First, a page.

- Return List of Code Values for Code Field 'STATE_CD'
That first call is essentially the same as the call we used in CICS to validate code values. The first iteration of development might issue that same query each time they receive a validation request. That means that each request has two network hops (from the client to the server and from the server to the database), plus the database overhead for executing the SQL statement. The team may consider optimizing their queries and using a caching solution. But this is a microservice, so they would not want to cache the data locally which would violate the idea of only doing one thing. The solution is to use a product like Redis that provides an in-memory key-value cache. The key-value lookup will likely be somewhat faster than the database query because the caching product doesn't have to do anything complex. If the cache doesn't contain the desired value, the application still retrieves it from the database (and caches it at that point). Now we have two network hops for a previously cached code lookup, but we have 4 hops for a cache miss.
Wait a second. There's a problem which that caching solution and a code validation lookup. All invalid codes would result in a cache miss, followed by a database query. Now we're doing 3 network hops for every invalid code that gets passed to the API for validation. Why? Because Redis can arbitrarily throw data out of its cache and there is no way to prove an invalid code from a cache lookup of that single code when the cache may not be a complete set. How do we fix this? The application team simply creates their cache as a JSON document that contains the valid set of codes after retrieving those codes from the database. Now, the validation query is never used. Instead, the query that retrieves all values from the database is used and that result is cached. Like so:
where CURRENT DATE between START_DT and END_DT;
The results get packaged up in JSON that might look like:
Now, when there is a cache hit on the STATE_CD lookup, the program only has to parse the JSON and check the values for validation. Even better, this gives them a single query that provides the data for their second API call too.
But what does the performance look like? We've used 10 milliseconds for the database retrieval of the full list of values for a code. The cache retrieval is expected to be less, but it won't be as fast as the 1 millisecond read we were doing from CICS to Db2. Your mileage will vary a lot, so we'll say this cache lookup takes 5 milliseconds (2 milliseconds for the request, 1 millisecond to look up in cache, 2 milliseconds for the response) plus another 1 millisecond to parse the JSON content, for a total of 6 milliseconds. That's better than the 10 milliseconds for the database lookup and when we multiply it by 50 codes we're at only 300 milliseconds.
Wait a second. That's not quite right. We have 6 milliseconds for the reference validation call to fulfill its backend requests. We also have to look at the 2 milliseconds on the network for our request to the service and 2 milliseconds for its response to come back. Now, we're back at 10 milliseconds. Plus, we have to call the API 50 times, once for each code. That's additional overhead for the program needing to do the code validation. The additional cache product made the API team feel good, but it didn't impact the bottom line for our user. And, we're now looking at 500 milliseconds overhead for every invocation of the application process.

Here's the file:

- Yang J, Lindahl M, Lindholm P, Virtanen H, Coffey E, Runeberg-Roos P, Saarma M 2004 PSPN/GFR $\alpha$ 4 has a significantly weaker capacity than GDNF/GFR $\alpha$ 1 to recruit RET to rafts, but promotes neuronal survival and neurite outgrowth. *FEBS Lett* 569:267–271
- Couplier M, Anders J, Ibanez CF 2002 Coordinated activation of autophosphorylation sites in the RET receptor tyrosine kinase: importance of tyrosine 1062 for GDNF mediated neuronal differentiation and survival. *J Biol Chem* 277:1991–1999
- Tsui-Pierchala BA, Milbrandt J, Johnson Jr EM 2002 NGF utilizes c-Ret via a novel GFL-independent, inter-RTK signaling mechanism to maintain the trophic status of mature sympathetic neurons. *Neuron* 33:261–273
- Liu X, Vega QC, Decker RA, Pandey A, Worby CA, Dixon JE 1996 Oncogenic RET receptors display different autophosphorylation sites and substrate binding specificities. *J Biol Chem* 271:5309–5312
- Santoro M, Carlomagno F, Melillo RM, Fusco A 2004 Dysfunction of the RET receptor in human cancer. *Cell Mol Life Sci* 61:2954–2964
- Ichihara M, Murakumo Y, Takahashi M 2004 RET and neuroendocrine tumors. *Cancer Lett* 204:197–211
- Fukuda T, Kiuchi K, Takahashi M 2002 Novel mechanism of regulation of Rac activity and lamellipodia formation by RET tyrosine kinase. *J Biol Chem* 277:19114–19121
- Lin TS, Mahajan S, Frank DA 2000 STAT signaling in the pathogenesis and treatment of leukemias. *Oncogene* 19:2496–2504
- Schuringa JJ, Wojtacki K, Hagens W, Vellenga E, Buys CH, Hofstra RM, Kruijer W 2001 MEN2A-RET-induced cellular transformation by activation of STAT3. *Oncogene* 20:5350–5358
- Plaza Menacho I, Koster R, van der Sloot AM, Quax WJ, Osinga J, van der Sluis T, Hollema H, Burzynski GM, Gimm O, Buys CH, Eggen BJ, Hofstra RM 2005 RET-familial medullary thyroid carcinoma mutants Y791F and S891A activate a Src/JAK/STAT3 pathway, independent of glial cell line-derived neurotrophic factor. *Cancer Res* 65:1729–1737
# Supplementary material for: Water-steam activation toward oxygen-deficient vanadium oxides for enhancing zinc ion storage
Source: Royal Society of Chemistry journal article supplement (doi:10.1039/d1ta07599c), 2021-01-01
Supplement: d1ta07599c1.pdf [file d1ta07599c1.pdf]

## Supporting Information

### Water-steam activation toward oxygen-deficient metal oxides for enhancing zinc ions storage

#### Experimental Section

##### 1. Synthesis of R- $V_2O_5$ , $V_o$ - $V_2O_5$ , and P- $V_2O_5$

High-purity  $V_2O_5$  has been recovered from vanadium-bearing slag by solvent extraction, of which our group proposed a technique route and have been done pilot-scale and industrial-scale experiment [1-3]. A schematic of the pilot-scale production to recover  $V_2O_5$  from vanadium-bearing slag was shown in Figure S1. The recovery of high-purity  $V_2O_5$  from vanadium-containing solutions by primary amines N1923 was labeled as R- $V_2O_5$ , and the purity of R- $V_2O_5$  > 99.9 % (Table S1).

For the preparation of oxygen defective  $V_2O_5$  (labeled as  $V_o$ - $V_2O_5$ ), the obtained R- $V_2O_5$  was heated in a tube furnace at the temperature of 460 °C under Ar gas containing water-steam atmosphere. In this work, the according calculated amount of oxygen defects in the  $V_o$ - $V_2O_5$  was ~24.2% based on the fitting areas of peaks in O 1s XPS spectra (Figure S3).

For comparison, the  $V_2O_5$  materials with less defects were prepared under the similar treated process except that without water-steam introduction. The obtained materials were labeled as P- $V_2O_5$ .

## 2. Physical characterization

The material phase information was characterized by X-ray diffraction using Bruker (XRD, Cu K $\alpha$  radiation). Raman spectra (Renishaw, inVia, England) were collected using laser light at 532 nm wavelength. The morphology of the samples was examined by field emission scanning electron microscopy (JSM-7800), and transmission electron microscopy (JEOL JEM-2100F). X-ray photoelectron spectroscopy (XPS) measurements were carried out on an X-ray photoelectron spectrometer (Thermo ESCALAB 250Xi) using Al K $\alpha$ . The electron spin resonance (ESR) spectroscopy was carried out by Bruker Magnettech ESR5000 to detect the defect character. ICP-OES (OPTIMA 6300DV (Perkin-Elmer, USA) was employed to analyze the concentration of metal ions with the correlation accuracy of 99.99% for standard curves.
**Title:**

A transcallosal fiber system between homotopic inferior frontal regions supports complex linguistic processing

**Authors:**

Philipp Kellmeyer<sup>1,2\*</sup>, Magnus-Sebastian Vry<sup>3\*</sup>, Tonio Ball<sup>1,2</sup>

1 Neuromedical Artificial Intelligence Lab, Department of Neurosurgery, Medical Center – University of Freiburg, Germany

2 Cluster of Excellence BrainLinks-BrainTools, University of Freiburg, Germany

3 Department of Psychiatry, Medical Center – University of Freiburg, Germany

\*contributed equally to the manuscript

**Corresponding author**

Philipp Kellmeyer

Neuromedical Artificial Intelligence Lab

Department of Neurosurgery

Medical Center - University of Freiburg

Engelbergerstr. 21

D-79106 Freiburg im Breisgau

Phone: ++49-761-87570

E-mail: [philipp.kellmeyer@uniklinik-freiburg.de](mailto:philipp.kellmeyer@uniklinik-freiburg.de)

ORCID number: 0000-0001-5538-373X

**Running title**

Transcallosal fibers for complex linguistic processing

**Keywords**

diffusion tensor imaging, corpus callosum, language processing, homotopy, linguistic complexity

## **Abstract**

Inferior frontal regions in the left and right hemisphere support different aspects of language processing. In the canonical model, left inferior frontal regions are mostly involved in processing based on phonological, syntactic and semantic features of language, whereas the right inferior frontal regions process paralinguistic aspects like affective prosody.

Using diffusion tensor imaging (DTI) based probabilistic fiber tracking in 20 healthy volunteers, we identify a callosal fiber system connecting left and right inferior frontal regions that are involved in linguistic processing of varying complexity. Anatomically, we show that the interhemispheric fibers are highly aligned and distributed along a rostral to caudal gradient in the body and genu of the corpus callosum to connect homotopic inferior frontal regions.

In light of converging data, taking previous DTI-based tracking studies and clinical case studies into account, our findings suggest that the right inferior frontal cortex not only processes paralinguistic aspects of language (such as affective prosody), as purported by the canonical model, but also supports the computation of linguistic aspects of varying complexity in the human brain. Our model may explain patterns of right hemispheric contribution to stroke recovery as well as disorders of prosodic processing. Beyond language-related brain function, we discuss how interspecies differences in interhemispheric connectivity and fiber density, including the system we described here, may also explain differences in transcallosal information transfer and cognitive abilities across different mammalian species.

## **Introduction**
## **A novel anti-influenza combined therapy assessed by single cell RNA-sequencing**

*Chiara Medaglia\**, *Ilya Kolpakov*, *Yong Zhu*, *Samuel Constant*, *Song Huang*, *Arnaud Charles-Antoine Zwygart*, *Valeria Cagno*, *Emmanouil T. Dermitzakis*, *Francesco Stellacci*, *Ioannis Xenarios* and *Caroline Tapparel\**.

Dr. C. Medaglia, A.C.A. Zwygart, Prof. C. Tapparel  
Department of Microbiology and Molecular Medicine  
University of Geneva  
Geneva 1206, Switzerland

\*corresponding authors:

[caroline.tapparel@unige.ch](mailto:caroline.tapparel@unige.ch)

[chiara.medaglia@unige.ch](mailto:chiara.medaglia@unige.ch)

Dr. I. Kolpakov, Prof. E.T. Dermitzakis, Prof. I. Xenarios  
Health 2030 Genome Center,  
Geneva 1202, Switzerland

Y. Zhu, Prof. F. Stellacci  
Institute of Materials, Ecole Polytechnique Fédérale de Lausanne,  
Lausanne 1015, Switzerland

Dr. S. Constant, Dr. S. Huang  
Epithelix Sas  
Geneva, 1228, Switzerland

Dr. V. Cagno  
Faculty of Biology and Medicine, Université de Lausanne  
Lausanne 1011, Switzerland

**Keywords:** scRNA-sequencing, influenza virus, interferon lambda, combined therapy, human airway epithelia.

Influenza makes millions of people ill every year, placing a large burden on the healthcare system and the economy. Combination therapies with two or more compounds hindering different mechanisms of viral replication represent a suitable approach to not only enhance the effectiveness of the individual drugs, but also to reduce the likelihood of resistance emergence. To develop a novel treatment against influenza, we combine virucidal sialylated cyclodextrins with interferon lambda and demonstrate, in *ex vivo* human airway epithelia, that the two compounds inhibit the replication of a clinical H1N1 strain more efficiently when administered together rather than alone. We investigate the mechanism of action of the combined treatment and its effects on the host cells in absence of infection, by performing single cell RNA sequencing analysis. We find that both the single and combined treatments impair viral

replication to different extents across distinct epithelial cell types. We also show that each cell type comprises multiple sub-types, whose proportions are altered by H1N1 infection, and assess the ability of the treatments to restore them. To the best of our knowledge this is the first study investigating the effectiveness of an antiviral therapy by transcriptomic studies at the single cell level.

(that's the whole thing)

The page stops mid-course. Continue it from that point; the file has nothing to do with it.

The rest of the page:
In a microservice architecture, it is considered normal for each application to own its own data and likely store that data in a repository separate from other applications. This supports the ability of teams to choose the right products for their needs and to implement without needing to coordinate technology with other teams.
Consumers of multiple microservices now become responsible for joining data across subject areas. For example, a purchase order application might have to use separate services for customers, providers, parts, addresses, tax calculations, etc. The more data domains involved in a microservice application, the more network hops involved in bringing the data together and using it.
Compare the performance of this within a database, where the joins occur in microseconds with data that is now retrieved from multiple sources that take 5-10 milliseconds (plus the backend database accesses).
From an end-to-end performance perspective, microservices add at least 2 milliseconds for each network hop required. Pulling microservices together into a cohesive application may involve the use of many services. Building components that keep it simple and focused makes sense from a development and support perspective. Deploying those components to different servers may not be the optimal solution.